The brittlegill fungi come in an incredible variety of colors, and often change hues throughout their growth. I found this one under a conifer in near proximity to a small stream, draining a swampy pond in the hills behind my house.

A spider has found refuge under its cap and is free to leave anytime, but the conifer needles have stuck to the sticky cap as the mushroom has escaped the ground. Now the weather is dry and the cap is no longer sticky and is just smooth to the touch.

If you look at the base of the mushroom, the creamy dirt is in fact a result of one of the most valuable and miraculous processes happening under our feet – the droppings of an earthworm. It’s pure unadulterated soil!

Many fungi species help the trees get access to nutrients, while the earthworms eat organic matter like leaves, pine and conifer needles and out the other end return it as the best soil you can get. And it is all for free!

A healthy lawn, flowerbed or garden as a whole, will have countless earthworms, and if you let the leaves stay on the ground in autumn, you will soon see that the earthworms gather the leaves in heaps all around the ground. It is amazing to see how fast they accumulate the fallen leaves and pine needles and draw it down into the ground and return it all as small mounds of fresh dirt!

If you do not see this happening in your lawn it is most likely damaged by chemical fertilizers or the ground is contaminated in other ways or so densely packed that it cannot hold sufficient oxygen to support much of earthworms, and plants for that matter.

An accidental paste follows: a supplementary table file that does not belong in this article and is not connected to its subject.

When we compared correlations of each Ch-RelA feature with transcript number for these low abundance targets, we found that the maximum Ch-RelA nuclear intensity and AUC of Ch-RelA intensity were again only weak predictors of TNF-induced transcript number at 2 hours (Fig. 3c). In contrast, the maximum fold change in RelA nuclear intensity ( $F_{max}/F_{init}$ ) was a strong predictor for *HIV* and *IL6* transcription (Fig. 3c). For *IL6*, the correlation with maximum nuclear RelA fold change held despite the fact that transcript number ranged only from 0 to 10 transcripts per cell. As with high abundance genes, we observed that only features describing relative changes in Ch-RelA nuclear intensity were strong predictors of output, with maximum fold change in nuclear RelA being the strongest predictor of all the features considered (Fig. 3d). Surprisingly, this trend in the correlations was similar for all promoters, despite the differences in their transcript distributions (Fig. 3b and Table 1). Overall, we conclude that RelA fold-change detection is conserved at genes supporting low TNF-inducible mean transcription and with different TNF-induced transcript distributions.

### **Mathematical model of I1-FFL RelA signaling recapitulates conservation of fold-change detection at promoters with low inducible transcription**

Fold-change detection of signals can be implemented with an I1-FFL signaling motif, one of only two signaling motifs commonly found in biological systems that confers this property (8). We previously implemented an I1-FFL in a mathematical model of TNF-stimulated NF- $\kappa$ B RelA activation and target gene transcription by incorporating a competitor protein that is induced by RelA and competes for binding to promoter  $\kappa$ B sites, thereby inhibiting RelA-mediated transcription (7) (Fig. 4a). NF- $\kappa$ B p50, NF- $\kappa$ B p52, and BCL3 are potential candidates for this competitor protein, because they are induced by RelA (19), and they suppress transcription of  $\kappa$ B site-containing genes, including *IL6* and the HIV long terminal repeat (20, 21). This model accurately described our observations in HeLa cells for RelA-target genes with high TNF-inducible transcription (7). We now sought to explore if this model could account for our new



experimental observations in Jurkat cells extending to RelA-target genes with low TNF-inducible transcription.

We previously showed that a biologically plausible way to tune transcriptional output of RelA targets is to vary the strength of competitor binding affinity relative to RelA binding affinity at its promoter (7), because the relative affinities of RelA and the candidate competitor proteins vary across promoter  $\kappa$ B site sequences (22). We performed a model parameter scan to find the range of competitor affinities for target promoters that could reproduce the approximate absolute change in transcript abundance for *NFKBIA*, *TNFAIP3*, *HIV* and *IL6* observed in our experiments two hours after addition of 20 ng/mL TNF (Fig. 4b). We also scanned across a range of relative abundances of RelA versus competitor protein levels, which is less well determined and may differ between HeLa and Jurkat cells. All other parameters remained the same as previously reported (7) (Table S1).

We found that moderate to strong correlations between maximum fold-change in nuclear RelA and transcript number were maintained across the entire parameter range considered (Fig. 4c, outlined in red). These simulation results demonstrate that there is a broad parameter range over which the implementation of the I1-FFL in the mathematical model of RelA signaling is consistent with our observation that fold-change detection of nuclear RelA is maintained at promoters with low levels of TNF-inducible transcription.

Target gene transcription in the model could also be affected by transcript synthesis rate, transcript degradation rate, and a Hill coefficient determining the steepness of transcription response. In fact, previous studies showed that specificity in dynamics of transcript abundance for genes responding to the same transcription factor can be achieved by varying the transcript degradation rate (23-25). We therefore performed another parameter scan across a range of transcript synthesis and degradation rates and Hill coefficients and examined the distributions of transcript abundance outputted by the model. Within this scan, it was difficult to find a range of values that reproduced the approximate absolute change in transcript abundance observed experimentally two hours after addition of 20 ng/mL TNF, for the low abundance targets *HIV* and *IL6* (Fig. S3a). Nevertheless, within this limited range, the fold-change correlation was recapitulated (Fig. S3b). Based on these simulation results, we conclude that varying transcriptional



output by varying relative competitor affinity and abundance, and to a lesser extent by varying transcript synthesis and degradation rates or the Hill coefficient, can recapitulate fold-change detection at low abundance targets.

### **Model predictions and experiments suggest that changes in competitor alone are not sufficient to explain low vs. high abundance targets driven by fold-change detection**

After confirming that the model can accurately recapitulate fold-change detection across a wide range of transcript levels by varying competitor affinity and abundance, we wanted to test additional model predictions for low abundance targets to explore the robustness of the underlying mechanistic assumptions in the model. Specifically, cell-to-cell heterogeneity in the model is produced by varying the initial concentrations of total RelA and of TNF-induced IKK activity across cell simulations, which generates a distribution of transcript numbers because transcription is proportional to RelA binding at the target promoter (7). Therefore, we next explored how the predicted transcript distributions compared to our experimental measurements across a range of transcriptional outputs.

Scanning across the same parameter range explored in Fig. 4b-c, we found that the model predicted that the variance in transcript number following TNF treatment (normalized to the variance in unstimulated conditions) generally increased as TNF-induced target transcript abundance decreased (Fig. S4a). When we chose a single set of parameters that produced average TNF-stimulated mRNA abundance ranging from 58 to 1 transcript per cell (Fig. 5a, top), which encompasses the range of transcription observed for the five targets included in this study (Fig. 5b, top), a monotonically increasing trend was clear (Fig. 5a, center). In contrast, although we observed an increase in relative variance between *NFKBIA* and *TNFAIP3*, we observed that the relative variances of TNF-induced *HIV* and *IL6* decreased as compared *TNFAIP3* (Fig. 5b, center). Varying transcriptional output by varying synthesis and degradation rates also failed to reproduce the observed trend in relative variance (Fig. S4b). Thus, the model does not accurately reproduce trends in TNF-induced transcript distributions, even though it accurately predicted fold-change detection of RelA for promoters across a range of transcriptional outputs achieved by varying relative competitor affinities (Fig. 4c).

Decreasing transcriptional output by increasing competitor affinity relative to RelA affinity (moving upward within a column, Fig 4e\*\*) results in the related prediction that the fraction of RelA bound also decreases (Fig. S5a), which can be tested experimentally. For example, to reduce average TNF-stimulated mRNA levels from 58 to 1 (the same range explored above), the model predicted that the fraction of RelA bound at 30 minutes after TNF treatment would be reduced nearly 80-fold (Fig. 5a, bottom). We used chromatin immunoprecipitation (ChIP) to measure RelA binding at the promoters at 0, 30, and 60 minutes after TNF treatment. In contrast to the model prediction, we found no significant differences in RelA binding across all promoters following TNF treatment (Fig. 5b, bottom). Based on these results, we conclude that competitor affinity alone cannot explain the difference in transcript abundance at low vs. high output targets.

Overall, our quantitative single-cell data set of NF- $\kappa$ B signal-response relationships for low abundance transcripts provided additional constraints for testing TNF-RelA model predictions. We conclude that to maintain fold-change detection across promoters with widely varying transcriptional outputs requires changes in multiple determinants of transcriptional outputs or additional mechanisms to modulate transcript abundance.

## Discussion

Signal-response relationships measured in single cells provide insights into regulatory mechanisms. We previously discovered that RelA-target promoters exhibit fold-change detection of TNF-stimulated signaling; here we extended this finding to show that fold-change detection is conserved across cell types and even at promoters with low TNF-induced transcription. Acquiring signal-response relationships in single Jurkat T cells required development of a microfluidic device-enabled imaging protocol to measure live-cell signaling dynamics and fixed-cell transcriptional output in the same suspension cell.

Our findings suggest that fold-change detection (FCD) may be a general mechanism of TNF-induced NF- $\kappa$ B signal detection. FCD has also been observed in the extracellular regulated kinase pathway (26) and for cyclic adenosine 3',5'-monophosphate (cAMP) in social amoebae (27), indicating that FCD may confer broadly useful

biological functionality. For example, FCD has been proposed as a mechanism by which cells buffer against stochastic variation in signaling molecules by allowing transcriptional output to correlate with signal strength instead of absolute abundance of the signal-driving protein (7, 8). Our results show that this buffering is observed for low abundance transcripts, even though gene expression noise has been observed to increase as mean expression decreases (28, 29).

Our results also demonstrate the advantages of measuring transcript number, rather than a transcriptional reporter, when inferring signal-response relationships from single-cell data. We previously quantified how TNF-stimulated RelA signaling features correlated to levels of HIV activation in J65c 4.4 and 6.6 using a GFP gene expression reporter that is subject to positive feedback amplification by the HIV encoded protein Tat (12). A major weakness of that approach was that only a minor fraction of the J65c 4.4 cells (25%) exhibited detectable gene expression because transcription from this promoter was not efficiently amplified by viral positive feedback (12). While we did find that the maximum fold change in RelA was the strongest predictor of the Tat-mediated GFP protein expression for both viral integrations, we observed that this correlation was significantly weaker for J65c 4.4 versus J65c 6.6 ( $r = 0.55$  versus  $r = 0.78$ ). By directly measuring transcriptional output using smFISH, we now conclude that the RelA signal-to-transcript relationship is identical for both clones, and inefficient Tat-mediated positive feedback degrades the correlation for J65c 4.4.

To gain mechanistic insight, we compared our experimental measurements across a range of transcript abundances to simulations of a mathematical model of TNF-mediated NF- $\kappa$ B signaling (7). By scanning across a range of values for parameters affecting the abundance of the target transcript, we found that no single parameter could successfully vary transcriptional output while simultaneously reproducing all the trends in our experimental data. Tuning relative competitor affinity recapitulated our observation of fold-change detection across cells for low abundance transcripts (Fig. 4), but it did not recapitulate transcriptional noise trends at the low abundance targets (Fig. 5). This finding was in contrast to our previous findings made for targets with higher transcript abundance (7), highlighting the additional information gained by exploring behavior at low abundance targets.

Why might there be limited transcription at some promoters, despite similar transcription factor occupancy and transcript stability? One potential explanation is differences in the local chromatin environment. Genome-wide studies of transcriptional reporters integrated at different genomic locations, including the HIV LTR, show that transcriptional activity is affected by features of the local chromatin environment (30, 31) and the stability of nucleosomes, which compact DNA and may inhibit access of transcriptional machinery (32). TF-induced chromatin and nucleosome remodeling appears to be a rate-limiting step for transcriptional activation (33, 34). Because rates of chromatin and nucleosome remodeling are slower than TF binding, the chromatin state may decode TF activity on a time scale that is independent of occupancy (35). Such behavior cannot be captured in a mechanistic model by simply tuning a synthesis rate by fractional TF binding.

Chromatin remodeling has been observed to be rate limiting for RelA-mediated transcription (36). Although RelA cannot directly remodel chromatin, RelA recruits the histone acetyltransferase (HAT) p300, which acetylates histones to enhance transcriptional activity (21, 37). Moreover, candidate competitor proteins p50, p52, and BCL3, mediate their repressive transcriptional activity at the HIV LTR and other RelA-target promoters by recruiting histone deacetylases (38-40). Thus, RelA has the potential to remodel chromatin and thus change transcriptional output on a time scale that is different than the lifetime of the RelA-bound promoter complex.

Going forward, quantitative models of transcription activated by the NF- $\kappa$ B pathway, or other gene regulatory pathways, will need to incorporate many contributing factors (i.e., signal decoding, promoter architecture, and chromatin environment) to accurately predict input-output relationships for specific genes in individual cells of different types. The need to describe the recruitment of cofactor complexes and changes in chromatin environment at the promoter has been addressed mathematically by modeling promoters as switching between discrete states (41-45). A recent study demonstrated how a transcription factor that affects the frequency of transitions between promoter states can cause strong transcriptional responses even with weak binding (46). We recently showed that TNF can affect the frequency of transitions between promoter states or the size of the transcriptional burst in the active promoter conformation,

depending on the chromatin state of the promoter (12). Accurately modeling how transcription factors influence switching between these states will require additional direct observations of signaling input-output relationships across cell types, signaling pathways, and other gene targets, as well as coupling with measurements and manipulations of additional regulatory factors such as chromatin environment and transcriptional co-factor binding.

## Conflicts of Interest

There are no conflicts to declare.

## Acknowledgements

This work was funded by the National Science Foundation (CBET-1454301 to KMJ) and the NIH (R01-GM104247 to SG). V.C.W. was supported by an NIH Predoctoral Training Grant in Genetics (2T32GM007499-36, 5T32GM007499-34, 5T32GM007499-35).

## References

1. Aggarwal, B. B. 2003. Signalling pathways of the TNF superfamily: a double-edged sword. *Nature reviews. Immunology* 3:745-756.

To prove my point I love to take those open to it on a little walk to a known healthy lawn or forest nearby when it’s dark and damp during autumn, and then jump! The sound of countless earthworms contracting and thus releasing their hold on dead leaves is just amazing. Just like you throw a stone into a pond, the tiny waves spread out, but there the waves are sounds of the dry leaves being release by the earthworms. Many will think the rustling sound is an animal, like a mouse or an insect escaping as you approach, as it is so abrupt, but use a torch and you’ll see they are hard at work!

There is a big lawn on public land nearby where the lawn is covered with leaves from huge birch trees in the autumn. But if there is no significant frost for a while most of the leaves will be gone before the frost takes hold. In any case there will be no leaves left as the spring and new growth has returned. So why are garden owners so obsessed with raking the leaves off their lawns, when the earthworms will do it for free?

As you look for fungi where there is soil, check for those creamy dirt twirls – that is the gift of our hard-working earthworms.

This image is a close-up of some very important processes and a sign that these are healthy and vital at this location, under a mature Norwegian spruce in a mixed species forest (you see spruce needles stuck on the cap, and pine needles on the ground).

Elevation: 51 meters

  • Aperture: ƒ/3.5
  • Camera: NIKON D4
  • Focal length: 105mm
  • ISO: 640
  • Shutter speed: 1/25 s

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